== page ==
Announcement

Collapse
No announcement yet.

First Time Project Judge

Collapse
X
 
  • Filter
  • Time
  • Show
Clear All
new posts

  • First Time Project Judge

    I am going to be a project judge this year for the first time. I have been coaching for 4 years and this will be my first time judging. I did the online training videos and everything, but wonder if there is any advice you all might want to share. Thanks.

  • #2
    Thank you very much for volunteering! You will find out very quickly how much this will help your own team. Here are my tips for you.

    1. Ask questions that will help you fill out the rubric. You will need a completed rubric for each team. If you didn't ask them who they shared with, and they didn't tell you, you are going to have a hard time. Make sure you can put something in every row.

    2. Speaking of the rubric, put helpful, actionable comments where you can. "I would have understood your idea better if you had drawn a picture" is MUCH better than "Cute team!!!!!" (Fortunately, I have never gotten the "Cute Team" comment, but I do hear about them from time to time)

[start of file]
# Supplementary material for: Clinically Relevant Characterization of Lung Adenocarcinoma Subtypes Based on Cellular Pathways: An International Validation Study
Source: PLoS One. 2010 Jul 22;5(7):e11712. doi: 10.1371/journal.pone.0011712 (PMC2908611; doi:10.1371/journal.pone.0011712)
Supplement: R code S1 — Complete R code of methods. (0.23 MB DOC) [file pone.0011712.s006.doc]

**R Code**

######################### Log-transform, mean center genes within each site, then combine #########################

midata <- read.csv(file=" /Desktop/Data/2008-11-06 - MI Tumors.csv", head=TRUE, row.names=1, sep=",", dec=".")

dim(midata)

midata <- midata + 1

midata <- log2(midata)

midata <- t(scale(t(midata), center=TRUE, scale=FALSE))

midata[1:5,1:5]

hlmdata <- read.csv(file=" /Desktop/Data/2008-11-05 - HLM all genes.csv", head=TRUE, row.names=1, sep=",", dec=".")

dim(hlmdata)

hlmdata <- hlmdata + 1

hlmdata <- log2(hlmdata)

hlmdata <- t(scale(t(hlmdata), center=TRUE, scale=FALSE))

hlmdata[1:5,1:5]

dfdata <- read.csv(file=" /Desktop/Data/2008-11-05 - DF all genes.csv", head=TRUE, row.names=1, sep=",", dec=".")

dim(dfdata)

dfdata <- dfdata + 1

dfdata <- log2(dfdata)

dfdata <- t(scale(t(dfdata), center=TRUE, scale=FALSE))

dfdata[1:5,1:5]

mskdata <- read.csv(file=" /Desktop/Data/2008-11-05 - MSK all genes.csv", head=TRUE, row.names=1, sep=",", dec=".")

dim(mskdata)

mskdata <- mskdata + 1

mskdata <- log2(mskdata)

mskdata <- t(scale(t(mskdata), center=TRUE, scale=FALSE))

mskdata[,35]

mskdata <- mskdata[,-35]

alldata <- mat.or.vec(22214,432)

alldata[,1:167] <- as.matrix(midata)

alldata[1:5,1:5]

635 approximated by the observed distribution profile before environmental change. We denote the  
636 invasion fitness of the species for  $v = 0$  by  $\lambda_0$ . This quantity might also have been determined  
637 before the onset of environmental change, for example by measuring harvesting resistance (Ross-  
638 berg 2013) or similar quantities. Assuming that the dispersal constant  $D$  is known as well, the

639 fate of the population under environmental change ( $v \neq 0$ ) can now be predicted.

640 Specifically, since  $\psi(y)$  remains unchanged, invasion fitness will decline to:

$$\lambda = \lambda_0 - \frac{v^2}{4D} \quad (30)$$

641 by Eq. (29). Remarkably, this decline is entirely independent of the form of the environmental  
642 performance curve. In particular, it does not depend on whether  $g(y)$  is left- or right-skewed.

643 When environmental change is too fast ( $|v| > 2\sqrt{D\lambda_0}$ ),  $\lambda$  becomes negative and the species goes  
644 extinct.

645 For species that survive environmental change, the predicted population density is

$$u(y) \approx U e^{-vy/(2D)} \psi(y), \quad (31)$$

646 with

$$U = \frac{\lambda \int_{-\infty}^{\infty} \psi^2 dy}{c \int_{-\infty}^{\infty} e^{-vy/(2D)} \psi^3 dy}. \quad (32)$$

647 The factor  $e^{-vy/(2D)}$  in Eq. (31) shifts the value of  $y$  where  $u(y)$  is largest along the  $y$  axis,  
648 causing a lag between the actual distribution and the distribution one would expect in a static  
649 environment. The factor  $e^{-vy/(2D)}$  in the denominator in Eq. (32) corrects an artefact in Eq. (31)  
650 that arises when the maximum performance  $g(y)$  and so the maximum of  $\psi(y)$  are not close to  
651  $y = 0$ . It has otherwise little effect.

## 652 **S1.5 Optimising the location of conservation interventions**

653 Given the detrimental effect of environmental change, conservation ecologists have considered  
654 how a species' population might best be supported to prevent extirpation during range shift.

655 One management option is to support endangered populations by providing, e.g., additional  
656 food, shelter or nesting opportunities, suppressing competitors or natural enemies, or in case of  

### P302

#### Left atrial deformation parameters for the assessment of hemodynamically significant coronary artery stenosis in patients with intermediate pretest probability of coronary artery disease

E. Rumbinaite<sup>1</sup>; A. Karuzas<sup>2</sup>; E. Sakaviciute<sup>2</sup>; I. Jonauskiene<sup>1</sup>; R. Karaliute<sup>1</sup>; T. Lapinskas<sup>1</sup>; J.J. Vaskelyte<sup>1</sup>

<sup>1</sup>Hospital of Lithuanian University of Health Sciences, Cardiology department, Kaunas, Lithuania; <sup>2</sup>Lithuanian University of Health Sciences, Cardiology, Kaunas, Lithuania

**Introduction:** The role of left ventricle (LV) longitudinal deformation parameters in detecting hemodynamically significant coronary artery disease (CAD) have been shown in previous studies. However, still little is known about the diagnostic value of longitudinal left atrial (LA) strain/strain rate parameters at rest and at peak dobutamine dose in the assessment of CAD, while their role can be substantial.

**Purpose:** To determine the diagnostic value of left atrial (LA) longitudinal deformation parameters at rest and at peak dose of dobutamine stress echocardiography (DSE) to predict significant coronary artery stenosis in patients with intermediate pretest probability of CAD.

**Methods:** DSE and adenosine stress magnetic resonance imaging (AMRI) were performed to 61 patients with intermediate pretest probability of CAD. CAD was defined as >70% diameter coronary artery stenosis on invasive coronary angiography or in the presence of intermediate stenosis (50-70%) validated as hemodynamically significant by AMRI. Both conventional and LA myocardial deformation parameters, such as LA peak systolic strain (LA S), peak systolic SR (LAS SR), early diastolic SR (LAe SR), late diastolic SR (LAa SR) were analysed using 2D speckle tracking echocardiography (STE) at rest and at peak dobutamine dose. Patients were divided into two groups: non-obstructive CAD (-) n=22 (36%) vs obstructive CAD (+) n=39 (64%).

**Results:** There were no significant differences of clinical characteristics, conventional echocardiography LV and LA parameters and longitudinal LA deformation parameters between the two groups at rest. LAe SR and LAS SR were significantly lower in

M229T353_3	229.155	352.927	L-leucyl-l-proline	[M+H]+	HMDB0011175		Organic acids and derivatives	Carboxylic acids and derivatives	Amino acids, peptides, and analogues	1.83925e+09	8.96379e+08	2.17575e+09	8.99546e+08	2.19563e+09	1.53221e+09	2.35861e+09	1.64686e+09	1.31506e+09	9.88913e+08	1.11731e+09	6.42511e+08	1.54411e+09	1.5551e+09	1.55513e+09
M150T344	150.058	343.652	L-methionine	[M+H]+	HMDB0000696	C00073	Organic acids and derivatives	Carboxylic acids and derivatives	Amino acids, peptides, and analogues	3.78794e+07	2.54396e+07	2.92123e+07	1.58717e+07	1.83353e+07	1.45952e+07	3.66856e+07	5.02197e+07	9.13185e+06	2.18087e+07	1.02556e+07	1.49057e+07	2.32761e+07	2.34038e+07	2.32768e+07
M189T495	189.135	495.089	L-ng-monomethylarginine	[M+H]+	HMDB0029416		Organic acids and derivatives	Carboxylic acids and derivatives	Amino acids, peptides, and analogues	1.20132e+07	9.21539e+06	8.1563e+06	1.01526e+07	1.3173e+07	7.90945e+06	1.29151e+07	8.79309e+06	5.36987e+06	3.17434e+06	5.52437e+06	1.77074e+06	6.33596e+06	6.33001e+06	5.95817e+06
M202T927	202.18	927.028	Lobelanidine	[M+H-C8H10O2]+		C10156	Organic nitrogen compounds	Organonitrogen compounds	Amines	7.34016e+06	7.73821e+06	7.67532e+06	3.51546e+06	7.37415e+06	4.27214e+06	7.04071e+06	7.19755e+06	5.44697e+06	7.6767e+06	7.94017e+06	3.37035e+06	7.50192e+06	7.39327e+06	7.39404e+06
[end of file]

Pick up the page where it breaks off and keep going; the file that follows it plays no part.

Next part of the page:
3. Stay positive! Even if you know the team's idea is impossible, respect the fact that they may have put a lot of work into it. Maybe they just figured out the week before the tournament that their idea won't work. THAT'S OK! Nowhere on the rubric does it say full credit only for ideas that work.

    4. They are not defending a dissertation. Do not grill them to see if you can trip them up. Ideally they will all leave with a good, positive feeling.

    5. Take good notes! You will see a lot of teams, and they will all be a blur at the end of the day. Rank them after each team between sessions. You can't rank them all at once at the end of the day.

    6. Remember that you are also a coach. Think about how you would want your team to be treated. Think about the feedback you would like your team to leave with. Try to provide that experience to each team that you see that day.